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The surveillance state we’re in

hackney-event2Are we sliding towards a surveillance state? That was the question being asked at a meeting on Wednesday night.

By Angela Hinds

This week the Hackney Liberal Democrats hosted an event called ‘Secret and Spies.’ On the panel were Lester Holloway,  MP Lembit Opik, Carl Reynolds from the HackneyNO2ID campaign, and James Welch, legal director of Liberty which campaigns to protect civil liberties.

There was heated debate from the audience on issues such as surveillance and monitoring, ID cards, the DNA and centralised databases, stop and search and the protection of civil liberties in the UK for all citizens.

Holloway noted that we are ‘entering a surveillance state, a society where we are being watched and monitored, whereby it is almost like they are waiting for us to do something wrong before it is even done.’

He added: ‘This is focused disproportionately on the BME communities. Black people in this country are still seven times more likely to be stopped and searched than white people.’

Hackney residents spoke about concerns that laws often implemented for one thing were being misused for purposes that they were not created for by some institutions and agencies. There was also concern about the use of centralised databases.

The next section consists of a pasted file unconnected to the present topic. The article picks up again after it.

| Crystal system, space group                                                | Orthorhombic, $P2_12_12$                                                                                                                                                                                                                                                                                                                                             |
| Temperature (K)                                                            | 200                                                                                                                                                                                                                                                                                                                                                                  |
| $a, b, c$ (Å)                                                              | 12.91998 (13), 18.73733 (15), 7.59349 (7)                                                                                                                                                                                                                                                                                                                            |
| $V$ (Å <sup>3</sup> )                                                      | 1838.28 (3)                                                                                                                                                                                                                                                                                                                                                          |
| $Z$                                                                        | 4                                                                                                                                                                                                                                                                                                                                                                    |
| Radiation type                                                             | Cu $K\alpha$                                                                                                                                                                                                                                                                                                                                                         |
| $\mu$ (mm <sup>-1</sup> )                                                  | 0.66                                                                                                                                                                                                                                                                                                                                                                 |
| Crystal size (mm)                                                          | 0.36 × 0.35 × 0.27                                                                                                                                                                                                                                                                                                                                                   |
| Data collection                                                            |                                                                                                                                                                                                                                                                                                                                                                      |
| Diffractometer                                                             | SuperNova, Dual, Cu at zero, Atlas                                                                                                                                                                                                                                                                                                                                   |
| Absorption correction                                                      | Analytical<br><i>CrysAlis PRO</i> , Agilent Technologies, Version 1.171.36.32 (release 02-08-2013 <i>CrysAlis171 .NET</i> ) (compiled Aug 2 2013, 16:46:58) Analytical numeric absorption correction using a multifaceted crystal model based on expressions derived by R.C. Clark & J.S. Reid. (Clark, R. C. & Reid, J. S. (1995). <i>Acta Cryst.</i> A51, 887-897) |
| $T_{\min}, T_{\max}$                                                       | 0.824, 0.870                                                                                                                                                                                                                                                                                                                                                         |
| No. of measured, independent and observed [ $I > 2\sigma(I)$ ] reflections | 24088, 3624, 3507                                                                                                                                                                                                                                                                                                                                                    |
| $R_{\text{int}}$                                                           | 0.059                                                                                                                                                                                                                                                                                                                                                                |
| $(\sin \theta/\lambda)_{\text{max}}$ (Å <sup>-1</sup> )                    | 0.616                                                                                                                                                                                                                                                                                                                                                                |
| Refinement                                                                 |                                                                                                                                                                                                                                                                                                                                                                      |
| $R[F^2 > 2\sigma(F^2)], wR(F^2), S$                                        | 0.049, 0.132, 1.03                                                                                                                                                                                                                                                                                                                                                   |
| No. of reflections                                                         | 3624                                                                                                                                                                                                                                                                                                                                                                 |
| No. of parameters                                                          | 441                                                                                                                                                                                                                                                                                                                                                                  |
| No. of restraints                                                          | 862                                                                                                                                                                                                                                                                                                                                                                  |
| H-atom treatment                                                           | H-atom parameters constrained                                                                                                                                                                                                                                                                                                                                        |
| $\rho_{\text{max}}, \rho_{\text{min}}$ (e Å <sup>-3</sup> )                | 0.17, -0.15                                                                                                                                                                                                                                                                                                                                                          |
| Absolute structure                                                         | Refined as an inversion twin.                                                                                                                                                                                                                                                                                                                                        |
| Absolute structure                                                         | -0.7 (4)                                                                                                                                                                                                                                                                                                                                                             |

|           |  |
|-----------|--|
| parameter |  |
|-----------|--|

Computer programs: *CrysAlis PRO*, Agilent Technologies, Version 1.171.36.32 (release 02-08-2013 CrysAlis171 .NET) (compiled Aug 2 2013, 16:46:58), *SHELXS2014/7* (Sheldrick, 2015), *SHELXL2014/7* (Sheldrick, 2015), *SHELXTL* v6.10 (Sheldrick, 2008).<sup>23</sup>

Audience member Mary Soames was worried that private confidential information she has given to a GP could be used by social services to have her kids taken away.

This highlights the confusion felt by many about exactly what their private and confidential information is being used for and by whom.

Dr Carl Reynolds on NO2ID added that a report that analysed 46 databases, reported that “of the 46 databases assessed in this report only six are given the green light. That is, only six are found to have a proper legal basis for any privacy intrusions and are proportionate and necessary in a democratic society.”

The DNA database currently holds DNA samples of over one million innocent people who have not been convicted of any crime, despite a human rights ruling that this practice was illegal.

James Welch from Liberty spoke about the Human Rights Act and although frequently under fire this bill holds to right many fundamental policies such as not returning individuals to countries where they are subjected to torture.

This meeting shows that although people are very conscious of wanting to tackle major crime including terrorism they are also aware that laws and practices focused on these areas are open to massive abuse when used for the wrong reasons.

James Welch concluded ‘liberties we have fought hard for and take for granted should not be allowed to be eroded and misused and we must all be vigilant of this.’

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